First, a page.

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 Post subject: Re: Battery Radio Power Supply
PostPosted: Nov Sat 16, 2019 6:29 pm 
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Joined: Dec Wed 24, 2014 7:34 pm
Posts: 2044
Location: Weimar, Texas
JnTX wrote:
Mike,

These are the results of my simulation. I assumed a temperature rise of 25C in the transformer so the windings would be at 50C. That much temperature rise would make the winding resistances increase by about 10%.

Voltage on C1: 4.5VDC
Voltage on C2: 119VDC
Voltage on C4: 90VDC (Assumed to be clamped by the string of zener diodes)
R1: 1.8K, 1 watt
Zener current: 4mA to 16mA depending on the radio load

Primary 1 current: 44mA RMS
Transformer load: 5.3VA

You can check your results against my simulation when you get your supply going.

The main concern with the above is the primary 1 current. The transformer is designed for a current of 25mA for each primary winding. The temperature rise in primary 1 will be more than 3 times the design point.

Jay


Thanks Jay, I didn't mean to disappear. Work took over my life for a little bit. It'll be Thanksgiving week (maybe after) before I can try the radio out but I'll check the readings and report back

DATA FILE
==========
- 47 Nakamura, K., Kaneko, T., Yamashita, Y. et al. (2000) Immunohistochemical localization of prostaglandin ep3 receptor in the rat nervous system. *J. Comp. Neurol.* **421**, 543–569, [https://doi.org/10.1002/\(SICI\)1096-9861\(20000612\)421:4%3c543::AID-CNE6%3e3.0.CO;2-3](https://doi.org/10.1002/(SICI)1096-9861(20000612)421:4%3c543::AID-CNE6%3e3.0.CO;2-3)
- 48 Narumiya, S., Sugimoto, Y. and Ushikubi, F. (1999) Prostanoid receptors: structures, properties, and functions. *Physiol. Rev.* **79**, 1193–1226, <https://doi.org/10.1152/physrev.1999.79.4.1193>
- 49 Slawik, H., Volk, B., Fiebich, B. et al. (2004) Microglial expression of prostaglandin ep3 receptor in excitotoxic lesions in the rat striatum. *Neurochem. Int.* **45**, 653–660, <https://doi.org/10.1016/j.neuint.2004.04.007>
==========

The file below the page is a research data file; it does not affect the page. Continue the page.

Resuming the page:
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Mike


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 Post subject: Re: Battery Radio Power Supply
PostPosted: Nov Sat 16, 2019 6:33 pm 
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Joined: Dec Wed 24, 2014 7:34 pm
Posts: 2044
Location: Weimar, Texas
Marcc wrote:
If you are designing for a specific radio, using salvaged transformers. One PSU I made for three UX201A's used fixed regulators 7805 for filament and 7905 for bias on separate windings. HV was a reversed 240V primary transformer and used two LR8's. One for HV and one for 45V 7805 cooled using a small CPU heatsink fan blowing onto its heatsink but also venting the entire housing. Totally uncomplicated.

Marc


If this was my radio I'd be doing this differently. The irony of this post is that I think I'm going to fab a board for ten 9V batteries in series and stuff them in one the vintage looking battery box. Same with the filament voltage. Both fused of course. I may still give them the AC option but I'll need to know that it's not going to erupt in flames :shock: :D

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It's hard to solve an equation if every term is an unknown.